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Posts Tagged ‘Visual Art’

In “Urgent Care,” The Colored Girls Museum Offers Itself as a Sanctuary and First Responder

Posted July 28th, 2017

“Chamber” by Joy Ude and Petra Floyd

Walking down Newhall Street in the Germantown neighborhood of Philadelphia, it’s hard to tell that one of these houses is not like the others. After a moment, you’ll find a wooden sign for The Colored Girls Museum (TCGM) outside of a 128-year-old Victorian twin. Since 2015, TCGM has been quietly redefining the role of museums in Philadelphia. The house is the home of the founder and executive director of the museum, Vashti Dubois. She founded the museum as a celebration of women of color, as well as a living memoir and sanctuary. Michael Clemmons is the curator for the museum, and has known and worked with Vashti for many years. “I think that what our museum does is very unique, distinct from everything else that’s out there,” he says. “In many ways, it’s the only museum of its kind.” From July 29 to July 30, the museum will be presenting its last showings of the current show, Urgent Care: A Good Night’s Sleep, before closing to prepare for its Fringe Festival event, Urgent Care: A Social Care Experience.

TCGM is telling a story that few other art spaces are, in a way that uses art as a place for conversation. The museum is a living monument “for the ordinary and extraordinary colored girl,” bringing her voice out highlighting her concerns. “When you shine the light on anything,” says Vashti, “you begin to notice its extraordinary qualities, but you have to look at it first.” The museum’s exhibitions respond to current social issues, and the “Urgent Care” shows reflect heightened concerns for women of color after the 2016 election. There is a huge variety of beautiful and fascinating objects throughout the house, which are a conglomeration of  historical artifacts and new works of art. Artists who work with the museum either submit their own work, curate a space, or add objects from their own past or family history that are significant to the space’s collective memoir. “Those objects have a story that is important to the woman submitting them,” says Michael, “which is curated into the space.” The museum leaders and staff refer to the museum with she/her pronouns, speaking of the space as a person, rather than a stagnant building. Vashti explains how this reflects the moving and changing aspects of the museum: objects come and go, and rooms within her walls change to reflect changing times.  “The concept in a way is very simple,” says Michael. “In a sense, it’s a story that hasn’t been told, and it should be told. It’s very much a home, it’s relaxing, and it’s a different kind of museum experience.”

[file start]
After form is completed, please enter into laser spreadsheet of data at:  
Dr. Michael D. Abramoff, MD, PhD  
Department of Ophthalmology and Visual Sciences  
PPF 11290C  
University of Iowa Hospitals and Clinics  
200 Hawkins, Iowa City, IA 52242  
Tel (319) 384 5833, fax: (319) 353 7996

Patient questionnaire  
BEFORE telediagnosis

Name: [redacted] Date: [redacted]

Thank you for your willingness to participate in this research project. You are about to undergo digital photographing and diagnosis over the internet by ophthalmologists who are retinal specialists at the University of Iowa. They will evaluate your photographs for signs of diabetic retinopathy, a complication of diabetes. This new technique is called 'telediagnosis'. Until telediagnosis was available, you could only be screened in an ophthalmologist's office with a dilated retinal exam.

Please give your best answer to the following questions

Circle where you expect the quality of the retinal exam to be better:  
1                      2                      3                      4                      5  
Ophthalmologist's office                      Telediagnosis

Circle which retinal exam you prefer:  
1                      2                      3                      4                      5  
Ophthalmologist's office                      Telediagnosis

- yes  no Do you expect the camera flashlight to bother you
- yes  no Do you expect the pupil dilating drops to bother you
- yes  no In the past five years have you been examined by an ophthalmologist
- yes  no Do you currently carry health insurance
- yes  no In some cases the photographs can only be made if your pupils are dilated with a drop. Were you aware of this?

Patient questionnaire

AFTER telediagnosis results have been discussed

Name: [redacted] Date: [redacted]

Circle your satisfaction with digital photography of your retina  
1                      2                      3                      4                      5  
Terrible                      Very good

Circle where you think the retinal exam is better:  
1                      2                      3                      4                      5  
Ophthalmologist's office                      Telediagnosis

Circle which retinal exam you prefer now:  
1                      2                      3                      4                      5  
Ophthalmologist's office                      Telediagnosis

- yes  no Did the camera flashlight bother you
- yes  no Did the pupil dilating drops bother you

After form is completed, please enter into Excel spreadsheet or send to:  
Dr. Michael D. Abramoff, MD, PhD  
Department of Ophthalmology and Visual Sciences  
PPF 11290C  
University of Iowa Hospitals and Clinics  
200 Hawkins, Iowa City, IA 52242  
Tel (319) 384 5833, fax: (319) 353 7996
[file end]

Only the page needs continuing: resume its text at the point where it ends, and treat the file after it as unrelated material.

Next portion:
Second Floor Bedroom, or “Recovery Suite” in “Urgent Care”

Walking into Salon 1, on the first floor, the museum already feels entirely different from any other galleries. Rather than white walls and echoing hallways, this is a home. Salon 1 is a part of the semi-permanent collection, and many works of art were a part of the inaugural exhibition in 2015. The paintings on the wall are hung in a “salon style,” covering the space, and are interspersed with small statues, old portrait photographs, and personal artifacts, including a singular knee-high tie-dye boot. There are very few name cards on the walls— instead, everyone who comes into the museum is brought on a tour. Through conversation, guests learn which paintings on the wall are by Barbara Bullock, a celebrated African American artist in Germantown that Michael described as almost a “mother figure” in the Philadelphia arts community. There are quilts from fiber artist Toni Kersey, and doll figures by Lorrie Patrice Payne. The experience is intimate and allows for conversations about the art — often, with the artists themselves.

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A Watery, Sinking Future: Interview with Mary Mattingly, creator of WetLand

Posted July 31st, 2014
WetLand. Image by Mary Mattingly.

WetLand. Image by Mary Mattingly.

If you’ve ever wished you could live at the Fringe Festival, you should meet Mary Mattingly. The Presented Fringe artist will live on WetLand, a boat-based ecosystem moored on the Delaware River, for the entirety of the Festival. WetLand captures the uncertainties of city-based living in an age of global warming, and proposes a hopeful alternative. In addition to housing Mary and other artists, WetLand will also host concerts, workshops, skill shares, and a few performances by Neighborhood Fringe artists. WetLand will be free and open daily Aug 15–Sept 21.

FringeArts: Why is the title WetLand?